This is the grave of Junior Wells.
Born Amos Blakemore in 1934 in or around Memphis, the boy who became Junior Wells began playing harmonica at the age of 7. When his mother divorced in 1948, they moved to Chicago. Wells, a bit of a troubled boy, began playing in bands, partially just to keep him off the street. His harmonica playing was a nearly instant hit in the Chicago blues scene. In 1952, he played on his first recordings, in Muddy Waters’ band making records for Chess. He started recording under his own name in 1953. Wells never really was much for the charts. His single “Little by Little” reached #23 on the R&B charts in 1960, but it was one of only two songs to chart. Wells certainly became much more influential than his album sales would suggest. There are a couple of reasons for this. First is that he became closely associated with Buddy Guy. In fact, Wells helped give Guy his start, but the flashy guitarist would soon outpace his mentor’s popularity. But they worked together repeatedly for the rest of Wells’ career, making many well-received albums. Closely related to this was the British rockers’ interest in blues and Wells’ relative youth in providing them that authenticity they desired. Bands like The Rolling Stones loved Wells and worked with him several times. Wells and Guy performed frequently in Britain to big audiences. He remained a major figure for the rest of his life, one of the last, along with Guy, of the classic era blues artists to be performing.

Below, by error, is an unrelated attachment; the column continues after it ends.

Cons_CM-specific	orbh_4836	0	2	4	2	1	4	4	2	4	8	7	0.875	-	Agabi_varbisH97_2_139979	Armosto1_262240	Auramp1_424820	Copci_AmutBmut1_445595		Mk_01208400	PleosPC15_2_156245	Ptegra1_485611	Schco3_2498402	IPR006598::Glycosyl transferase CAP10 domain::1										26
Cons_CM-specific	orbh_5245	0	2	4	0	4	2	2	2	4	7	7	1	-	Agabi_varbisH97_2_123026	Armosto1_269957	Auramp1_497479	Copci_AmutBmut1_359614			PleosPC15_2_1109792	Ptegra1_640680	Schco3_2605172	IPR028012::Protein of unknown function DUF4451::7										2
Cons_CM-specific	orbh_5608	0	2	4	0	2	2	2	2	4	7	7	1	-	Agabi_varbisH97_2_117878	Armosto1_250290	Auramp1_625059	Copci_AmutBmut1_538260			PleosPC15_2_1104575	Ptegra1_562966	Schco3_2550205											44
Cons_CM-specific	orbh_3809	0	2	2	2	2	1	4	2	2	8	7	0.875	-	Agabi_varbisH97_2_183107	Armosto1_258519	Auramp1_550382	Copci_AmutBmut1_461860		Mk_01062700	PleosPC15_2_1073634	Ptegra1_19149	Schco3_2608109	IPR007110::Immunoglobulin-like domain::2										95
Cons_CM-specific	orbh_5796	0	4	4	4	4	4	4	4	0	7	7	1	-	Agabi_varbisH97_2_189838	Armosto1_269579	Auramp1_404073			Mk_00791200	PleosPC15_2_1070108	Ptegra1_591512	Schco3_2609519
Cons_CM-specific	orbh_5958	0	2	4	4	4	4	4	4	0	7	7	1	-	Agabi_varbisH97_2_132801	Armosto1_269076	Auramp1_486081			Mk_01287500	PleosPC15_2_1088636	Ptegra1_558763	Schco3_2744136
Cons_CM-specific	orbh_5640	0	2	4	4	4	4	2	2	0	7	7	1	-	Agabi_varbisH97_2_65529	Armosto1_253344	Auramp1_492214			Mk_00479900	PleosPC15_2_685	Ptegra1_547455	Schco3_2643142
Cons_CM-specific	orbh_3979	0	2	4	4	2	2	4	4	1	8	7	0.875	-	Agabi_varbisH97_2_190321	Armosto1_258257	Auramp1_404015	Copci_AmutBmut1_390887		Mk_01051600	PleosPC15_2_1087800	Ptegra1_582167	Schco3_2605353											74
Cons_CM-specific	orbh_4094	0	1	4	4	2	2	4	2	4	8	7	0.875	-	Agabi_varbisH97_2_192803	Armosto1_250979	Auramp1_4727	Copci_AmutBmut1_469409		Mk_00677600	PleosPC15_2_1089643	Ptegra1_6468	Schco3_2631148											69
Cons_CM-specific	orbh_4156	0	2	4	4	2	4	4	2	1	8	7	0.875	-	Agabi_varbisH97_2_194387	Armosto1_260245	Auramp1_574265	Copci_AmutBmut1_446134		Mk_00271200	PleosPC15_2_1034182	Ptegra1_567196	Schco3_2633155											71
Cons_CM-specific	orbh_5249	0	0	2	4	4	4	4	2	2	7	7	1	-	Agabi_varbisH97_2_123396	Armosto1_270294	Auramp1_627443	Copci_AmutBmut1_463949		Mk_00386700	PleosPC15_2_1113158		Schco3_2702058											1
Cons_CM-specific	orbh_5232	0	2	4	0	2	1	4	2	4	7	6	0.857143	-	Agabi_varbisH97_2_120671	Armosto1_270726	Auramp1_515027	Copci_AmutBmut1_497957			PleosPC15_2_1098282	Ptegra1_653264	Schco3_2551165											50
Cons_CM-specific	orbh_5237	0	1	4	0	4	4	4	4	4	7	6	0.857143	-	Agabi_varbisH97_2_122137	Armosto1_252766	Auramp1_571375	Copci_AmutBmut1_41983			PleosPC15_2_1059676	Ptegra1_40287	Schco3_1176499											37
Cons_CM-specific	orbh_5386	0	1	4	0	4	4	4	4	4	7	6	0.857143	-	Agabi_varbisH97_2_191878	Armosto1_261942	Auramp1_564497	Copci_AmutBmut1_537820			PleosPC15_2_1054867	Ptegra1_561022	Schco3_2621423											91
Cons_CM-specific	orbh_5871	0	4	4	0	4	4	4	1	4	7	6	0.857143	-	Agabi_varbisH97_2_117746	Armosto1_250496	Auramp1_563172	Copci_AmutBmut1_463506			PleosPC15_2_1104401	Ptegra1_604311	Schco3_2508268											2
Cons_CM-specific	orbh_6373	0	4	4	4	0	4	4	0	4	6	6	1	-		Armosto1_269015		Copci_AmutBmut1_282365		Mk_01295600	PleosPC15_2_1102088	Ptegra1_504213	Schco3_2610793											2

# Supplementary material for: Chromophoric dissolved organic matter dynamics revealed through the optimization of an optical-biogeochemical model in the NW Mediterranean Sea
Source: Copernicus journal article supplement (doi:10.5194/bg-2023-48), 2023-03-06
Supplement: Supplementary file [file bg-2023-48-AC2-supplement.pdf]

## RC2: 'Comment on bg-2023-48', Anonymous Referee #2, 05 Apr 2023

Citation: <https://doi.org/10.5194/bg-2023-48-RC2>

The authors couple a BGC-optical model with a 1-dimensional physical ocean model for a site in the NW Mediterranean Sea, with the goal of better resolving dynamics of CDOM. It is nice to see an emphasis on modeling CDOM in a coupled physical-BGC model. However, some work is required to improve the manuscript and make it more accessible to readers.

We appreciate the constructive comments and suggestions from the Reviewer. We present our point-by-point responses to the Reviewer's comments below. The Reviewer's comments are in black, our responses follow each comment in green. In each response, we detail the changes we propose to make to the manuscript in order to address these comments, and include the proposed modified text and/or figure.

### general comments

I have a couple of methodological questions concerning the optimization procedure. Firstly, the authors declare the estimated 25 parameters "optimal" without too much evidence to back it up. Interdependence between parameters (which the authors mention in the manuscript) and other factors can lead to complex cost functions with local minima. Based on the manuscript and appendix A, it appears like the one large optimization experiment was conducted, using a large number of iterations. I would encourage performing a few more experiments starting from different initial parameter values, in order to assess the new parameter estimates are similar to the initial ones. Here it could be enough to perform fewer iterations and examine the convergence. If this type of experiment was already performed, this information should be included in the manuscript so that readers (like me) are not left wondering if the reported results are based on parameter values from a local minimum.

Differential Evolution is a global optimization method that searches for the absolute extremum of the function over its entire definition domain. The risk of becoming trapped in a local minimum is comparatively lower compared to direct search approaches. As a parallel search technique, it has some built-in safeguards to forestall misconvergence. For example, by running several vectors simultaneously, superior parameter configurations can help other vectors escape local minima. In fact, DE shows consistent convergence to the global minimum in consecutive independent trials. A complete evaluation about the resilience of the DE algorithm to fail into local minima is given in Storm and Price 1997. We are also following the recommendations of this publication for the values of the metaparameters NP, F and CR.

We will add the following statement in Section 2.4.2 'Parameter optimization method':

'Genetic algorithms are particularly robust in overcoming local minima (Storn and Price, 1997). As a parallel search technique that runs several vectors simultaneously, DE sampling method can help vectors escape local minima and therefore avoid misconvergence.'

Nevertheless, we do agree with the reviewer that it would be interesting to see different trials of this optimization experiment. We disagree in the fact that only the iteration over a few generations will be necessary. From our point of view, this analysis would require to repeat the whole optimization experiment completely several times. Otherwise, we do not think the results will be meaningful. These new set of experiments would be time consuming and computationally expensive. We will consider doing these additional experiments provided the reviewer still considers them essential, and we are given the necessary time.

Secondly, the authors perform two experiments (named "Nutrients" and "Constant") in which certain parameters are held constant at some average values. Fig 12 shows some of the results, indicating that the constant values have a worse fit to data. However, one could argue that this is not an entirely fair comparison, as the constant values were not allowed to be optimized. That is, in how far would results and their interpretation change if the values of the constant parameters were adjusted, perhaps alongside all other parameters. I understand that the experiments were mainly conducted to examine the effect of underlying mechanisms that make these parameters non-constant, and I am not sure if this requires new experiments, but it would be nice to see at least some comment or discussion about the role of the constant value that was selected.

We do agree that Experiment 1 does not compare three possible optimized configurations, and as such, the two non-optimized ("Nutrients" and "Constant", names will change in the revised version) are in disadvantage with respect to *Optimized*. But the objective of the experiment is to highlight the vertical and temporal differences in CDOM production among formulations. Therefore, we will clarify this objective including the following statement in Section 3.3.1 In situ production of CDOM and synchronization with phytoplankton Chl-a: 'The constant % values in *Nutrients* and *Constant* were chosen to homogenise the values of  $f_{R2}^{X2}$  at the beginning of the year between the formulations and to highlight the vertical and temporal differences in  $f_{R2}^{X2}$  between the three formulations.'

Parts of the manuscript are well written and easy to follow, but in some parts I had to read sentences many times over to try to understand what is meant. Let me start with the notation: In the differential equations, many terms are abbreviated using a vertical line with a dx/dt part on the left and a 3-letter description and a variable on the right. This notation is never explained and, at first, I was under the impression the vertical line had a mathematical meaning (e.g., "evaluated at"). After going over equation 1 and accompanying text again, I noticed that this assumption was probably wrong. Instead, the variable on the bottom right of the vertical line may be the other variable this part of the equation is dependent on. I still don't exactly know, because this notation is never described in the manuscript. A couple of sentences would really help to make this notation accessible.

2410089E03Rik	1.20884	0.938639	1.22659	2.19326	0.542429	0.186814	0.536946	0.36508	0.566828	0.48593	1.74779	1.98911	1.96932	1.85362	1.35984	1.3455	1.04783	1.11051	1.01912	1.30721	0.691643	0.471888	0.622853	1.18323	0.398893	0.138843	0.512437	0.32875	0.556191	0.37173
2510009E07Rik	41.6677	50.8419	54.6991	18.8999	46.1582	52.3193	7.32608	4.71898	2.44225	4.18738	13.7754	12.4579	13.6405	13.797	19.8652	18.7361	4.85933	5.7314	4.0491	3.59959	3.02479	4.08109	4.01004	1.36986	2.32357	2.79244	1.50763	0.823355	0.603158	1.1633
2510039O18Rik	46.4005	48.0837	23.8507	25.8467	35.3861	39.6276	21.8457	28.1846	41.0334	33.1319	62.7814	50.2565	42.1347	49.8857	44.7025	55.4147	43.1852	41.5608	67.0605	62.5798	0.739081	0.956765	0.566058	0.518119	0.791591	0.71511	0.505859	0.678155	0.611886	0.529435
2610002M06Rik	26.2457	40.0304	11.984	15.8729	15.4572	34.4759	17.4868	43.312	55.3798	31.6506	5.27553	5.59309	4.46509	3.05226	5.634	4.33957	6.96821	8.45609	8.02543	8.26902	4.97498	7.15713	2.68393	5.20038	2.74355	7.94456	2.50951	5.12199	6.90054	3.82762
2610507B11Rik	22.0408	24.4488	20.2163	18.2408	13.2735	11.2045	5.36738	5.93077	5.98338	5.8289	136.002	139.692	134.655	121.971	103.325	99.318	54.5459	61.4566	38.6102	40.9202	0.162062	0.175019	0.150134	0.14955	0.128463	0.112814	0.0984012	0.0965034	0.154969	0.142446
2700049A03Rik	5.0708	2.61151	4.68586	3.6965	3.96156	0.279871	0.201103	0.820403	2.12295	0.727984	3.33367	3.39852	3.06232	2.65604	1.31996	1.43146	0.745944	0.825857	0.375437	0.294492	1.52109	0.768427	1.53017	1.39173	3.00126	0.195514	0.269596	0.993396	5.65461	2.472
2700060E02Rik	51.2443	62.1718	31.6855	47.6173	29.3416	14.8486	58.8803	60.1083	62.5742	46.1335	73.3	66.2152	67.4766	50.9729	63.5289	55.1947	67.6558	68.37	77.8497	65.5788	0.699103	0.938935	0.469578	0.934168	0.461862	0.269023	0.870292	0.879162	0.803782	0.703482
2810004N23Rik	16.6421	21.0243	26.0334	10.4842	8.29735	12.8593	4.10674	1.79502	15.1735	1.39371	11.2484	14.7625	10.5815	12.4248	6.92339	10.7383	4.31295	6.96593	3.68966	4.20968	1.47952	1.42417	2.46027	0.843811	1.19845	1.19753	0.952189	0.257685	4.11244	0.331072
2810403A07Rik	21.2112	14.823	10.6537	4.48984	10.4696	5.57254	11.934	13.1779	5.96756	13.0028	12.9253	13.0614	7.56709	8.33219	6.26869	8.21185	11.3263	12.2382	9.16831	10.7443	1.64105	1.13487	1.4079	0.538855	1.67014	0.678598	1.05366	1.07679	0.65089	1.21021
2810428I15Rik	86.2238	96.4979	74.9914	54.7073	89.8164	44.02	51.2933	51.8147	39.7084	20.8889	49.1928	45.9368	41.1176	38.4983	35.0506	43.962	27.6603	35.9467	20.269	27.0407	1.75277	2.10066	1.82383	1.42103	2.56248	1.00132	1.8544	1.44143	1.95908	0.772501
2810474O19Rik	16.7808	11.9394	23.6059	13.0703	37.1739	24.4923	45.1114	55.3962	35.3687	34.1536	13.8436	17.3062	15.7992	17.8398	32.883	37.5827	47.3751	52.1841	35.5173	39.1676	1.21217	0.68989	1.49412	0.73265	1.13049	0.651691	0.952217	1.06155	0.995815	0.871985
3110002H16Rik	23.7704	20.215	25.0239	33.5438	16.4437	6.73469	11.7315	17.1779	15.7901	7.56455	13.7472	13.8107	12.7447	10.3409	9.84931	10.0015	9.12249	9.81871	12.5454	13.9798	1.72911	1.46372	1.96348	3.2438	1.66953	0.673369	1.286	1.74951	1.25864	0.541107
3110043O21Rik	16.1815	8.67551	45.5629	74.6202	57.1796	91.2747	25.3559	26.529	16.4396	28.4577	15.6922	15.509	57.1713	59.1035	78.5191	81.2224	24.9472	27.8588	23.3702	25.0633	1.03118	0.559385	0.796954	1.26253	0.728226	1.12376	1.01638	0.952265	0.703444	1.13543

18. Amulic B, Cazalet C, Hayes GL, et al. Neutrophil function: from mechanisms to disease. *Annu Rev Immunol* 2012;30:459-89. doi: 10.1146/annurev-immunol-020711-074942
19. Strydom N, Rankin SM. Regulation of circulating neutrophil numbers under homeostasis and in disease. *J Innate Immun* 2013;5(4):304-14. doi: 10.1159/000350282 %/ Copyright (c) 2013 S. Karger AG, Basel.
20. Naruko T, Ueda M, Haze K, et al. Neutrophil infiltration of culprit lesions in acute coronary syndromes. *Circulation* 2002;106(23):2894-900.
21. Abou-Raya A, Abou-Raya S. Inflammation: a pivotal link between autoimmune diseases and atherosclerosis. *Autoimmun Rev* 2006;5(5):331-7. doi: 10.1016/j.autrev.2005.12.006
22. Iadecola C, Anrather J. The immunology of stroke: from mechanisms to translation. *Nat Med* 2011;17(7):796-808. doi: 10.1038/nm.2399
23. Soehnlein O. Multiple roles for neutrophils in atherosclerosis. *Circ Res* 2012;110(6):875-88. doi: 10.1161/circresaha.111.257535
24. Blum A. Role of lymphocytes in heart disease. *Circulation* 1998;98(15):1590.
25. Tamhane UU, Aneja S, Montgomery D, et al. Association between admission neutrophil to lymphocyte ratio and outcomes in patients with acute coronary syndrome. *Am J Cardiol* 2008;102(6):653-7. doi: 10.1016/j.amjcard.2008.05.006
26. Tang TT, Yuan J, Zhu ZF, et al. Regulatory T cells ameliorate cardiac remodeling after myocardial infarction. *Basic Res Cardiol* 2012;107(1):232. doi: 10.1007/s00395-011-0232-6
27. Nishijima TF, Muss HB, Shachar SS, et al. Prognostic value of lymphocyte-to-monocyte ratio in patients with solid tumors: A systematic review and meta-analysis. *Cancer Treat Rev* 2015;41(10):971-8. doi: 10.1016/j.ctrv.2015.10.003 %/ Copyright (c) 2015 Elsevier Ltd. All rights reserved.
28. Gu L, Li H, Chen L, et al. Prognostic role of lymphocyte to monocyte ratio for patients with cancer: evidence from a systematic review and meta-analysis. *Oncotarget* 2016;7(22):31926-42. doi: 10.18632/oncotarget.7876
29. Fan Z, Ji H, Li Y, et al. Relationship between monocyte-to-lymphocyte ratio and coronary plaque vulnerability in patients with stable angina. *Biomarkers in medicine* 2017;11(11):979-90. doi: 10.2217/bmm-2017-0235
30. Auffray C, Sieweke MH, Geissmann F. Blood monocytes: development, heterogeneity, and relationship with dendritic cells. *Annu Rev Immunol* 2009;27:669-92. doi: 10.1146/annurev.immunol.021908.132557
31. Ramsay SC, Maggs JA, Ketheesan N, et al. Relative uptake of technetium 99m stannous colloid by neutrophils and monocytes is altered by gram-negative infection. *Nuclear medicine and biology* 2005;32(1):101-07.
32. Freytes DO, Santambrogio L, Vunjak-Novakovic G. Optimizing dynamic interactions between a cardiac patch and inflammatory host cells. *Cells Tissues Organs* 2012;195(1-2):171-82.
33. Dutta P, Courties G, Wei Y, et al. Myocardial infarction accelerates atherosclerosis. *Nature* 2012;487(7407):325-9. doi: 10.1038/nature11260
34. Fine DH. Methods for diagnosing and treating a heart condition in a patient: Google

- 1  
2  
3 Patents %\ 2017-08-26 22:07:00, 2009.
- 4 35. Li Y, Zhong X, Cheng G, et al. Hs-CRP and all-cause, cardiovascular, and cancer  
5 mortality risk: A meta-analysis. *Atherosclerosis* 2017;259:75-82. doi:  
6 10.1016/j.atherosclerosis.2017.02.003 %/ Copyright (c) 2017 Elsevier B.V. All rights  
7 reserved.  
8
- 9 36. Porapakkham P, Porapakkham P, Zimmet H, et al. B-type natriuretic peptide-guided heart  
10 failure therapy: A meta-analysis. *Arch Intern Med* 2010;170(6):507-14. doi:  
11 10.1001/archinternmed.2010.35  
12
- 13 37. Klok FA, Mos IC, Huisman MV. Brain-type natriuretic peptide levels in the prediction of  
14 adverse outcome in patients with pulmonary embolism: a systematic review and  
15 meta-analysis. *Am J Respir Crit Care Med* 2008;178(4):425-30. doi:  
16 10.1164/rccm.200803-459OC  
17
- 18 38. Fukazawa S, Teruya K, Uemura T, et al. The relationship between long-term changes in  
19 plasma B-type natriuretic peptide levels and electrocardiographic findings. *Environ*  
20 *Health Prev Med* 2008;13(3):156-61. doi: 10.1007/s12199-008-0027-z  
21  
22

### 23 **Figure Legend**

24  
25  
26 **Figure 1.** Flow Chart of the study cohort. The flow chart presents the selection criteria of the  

But with someone like Junior Wells, the music is far more important than any words I can write. So let’s listen to some live recordings:
Junior Wells died in 1998, at the age of 63. He had bad health the last few years of his life, including a heart attack and a bout with cancer. He is buried in Oak Woods Cemetery, Chicago, Illinois.
You can contribute to the travel required to make this series happen here. I would certainly like to highlight more blues musicians. Previous posts in this series are archived here.